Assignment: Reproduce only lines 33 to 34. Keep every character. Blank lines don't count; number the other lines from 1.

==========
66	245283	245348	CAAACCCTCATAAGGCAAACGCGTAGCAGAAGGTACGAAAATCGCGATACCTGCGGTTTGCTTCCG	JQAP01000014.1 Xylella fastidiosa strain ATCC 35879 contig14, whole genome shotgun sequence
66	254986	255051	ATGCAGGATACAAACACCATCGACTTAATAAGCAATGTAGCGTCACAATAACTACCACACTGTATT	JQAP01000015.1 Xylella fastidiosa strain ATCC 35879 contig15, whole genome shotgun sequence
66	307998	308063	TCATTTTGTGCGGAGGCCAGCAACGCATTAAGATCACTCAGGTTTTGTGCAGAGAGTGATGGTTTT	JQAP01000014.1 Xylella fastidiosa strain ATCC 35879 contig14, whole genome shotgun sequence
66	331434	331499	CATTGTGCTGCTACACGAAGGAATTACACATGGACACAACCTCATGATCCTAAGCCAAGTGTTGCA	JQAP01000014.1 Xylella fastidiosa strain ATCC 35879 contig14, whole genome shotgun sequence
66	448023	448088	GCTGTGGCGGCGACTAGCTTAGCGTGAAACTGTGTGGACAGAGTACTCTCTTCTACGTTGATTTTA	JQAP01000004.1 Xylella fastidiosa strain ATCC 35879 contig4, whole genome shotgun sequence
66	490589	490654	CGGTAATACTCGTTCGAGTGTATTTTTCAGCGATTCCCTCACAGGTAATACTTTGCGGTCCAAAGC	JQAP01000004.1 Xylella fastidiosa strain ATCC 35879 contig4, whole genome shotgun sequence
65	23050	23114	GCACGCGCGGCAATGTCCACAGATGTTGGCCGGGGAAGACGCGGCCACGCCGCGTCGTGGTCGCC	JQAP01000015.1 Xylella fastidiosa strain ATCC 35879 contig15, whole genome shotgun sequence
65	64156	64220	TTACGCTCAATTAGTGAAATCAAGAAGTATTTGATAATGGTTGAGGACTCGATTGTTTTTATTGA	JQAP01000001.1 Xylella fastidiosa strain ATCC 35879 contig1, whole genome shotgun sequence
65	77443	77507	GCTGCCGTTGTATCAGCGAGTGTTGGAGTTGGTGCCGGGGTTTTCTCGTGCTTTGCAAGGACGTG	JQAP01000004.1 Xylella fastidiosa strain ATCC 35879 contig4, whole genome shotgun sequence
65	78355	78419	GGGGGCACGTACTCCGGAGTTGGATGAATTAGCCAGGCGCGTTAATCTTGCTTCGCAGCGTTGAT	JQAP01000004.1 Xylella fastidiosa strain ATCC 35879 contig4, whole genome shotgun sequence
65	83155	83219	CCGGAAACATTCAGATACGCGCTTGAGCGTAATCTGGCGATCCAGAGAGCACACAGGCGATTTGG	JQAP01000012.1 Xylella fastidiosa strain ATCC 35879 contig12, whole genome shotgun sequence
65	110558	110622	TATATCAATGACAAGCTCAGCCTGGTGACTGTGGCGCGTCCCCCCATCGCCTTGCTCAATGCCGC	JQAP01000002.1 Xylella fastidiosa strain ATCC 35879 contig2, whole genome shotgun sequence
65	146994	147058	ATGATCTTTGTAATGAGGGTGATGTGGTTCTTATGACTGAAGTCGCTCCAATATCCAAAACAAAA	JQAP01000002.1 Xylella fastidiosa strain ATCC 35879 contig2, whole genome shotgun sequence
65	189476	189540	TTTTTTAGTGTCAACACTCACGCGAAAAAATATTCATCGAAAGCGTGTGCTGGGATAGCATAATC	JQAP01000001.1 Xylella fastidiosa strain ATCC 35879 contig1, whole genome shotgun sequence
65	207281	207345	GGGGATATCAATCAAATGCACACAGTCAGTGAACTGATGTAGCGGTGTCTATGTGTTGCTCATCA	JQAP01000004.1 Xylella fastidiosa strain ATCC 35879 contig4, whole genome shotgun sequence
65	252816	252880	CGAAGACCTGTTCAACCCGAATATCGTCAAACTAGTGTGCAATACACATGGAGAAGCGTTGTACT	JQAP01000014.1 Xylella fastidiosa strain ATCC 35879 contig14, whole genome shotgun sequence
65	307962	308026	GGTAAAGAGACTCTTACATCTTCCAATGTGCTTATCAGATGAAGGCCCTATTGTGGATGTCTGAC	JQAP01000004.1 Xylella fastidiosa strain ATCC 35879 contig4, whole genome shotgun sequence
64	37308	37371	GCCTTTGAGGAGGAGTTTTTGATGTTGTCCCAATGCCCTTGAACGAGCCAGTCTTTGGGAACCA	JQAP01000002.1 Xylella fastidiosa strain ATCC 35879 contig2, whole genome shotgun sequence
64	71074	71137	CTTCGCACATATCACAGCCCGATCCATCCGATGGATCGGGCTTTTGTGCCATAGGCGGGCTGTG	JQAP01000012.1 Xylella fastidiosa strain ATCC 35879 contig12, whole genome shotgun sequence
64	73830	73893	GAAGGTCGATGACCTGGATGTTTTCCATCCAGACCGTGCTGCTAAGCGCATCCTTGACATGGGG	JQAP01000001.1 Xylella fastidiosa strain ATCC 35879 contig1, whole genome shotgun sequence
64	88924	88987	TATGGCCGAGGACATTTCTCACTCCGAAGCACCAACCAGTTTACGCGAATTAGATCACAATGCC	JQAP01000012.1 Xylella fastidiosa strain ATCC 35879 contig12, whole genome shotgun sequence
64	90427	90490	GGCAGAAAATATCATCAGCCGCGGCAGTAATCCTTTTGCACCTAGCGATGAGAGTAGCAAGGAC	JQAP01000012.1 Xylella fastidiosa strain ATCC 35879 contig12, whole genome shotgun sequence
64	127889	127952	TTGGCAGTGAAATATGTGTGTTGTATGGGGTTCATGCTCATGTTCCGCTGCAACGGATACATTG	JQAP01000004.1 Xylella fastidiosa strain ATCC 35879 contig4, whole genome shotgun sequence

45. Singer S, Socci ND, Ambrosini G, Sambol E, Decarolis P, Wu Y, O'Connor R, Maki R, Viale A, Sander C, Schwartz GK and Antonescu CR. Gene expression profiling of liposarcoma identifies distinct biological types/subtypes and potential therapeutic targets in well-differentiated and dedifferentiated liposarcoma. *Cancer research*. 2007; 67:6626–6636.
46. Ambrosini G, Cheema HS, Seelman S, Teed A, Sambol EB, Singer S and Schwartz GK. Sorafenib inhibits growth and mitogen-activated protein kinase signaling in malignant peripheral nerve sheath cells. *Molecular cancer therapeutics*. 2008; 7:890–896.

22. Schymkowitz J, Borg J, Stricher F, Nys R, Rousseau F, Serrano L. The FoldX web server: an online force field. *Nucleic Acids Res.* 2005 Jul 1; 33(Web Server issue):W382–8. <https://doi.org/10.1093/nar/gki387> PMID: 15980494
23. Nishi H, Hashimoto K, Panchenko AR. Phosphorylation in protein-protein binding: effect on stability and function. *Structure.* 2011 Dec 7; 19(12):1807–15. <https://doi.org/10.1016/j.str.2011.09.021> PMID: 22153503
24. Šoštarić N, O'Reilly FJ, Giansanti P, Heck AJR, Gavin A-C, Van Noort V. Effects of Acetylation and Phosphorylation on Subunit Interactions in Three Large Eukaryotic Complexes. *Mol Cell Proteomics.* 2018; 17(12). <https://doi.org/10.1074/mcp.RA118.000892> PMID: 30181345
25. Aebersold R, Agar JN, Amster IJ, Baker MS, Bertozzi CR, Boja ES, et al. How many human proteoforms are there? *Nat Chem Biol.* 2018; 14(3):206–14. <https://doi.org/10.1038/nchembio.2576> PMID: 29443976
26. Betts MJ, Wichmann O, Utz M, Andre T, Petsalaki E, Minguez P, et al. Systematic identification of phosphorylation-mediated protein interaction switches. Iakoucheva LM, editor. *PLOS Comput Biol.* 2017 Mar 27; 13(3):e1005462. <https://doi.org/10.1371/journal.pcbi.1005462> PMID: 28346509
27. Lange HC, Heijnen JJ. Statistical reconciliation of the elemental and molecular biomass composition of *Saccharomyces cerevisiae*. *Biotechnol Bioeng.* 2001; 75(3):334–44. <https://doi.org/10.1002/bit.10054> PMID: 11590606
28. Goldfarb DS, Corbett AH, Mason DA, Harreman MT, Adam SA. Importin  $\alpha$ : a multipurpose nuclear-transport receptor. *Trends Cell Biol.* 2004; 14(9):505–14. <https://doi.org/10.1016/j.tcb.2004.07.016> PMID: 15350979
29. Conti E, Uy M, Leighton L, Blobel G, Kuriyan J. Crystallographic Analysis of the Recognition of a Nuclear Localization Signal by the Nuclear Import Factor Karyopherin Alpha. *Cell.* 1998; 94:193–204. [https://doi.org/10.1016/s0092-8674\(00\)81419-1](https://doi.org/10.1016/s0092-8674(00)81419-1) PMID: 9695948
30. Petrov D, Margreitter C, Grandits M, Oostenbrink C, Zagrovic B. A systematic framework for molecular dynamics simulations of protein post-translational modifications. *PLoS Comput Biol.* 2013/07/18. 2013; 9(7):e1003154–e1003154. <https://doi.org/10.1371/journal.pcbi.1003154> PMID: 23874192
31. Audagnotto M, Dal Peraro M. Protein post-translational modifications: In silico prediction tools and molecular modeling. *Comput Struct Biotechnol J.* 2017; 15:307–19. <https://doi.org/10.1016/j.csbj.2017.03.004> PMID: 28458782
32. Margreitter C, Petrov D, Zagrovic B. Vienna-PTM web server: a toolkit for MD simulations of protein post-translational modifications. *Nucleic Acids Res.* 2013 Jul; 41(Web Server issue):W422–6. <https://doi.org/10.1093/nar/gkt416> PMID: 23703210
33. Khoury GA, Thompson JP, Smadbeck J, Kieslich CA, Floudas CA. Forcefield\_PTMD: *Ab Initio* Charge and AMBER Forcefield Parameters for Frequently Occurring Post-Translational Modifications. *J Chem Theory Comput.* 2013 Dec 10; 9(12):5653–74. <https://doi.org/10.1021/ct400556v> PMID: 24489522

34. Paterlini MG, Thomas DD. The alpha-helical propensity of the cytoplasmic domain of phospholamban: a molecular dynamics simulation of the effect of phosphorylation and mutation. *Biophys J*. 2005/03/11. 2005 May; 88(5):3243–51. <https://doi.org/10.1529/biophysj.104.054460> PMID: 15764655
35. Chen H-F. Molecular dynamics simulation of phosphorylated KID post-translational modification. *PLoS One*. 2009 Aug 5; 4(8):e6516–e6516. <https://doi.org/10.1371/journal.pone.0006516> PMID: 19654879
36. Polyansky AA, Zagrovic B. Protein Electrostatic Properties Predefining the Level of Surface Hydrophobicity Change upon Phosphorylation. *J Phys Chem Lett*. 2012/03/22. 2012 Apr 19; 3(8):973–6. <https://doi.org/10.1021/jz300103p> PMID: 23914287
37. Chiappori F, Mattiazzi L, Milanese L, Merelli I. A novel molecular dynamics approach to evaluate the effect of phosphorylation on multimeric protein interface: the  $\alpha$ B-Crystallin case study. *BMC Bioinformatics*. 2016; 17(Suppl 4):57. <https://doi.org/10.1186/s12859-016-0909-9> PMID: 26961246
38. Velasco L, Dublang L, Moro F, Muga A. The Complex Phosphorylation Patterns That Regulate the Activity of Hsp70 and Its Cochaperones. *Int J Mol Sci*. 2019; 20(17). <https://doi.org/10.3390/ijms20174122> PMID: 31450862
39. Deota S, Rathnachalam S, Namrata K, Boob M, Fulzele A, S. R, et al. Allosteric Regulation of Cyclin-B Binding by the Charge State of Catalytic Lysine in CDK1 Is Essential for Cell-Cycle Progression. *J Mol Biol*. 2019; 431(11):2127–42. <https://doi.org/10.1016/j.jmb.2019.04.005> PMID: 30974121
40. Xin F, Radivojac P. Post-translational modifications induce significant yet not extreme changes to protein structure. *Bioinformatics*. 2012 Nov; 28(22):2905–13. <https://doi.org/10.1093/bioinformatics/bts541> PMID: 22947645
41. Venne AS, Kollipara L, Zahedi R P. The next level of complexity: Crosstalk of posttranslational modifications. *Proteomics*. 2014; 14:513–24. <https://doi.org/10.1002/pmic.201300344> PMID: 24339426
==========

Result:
29. Conti E, Uy M, Leighton L, Blobel G, Kuriyan J. Crystallographic Analysis of the Recognition of a Nuclear Localization Signal by the Nuclear Import Factor Karyopherin Alpha. *Cell.* 1998; 94:193–204. [https://doi.org/10.1016/s0092-8674\(00\)81419-1](https://doi.org/10.1016/s0092-8674(00)81419-1) PMID: 9695948
30. Petrov D, Margreitter C, Grandits M, Oostenbrink C, Zagrovic B. A systematic framework for molecular dynamics simulations of protein post-translational modifications. *PLoS Comput Biol.* 2013/07/18. 2013; 9(7):e1003154–e1003154. <https://doi.org/10.1371/journal.pcbi.1003154> PMID: 23874192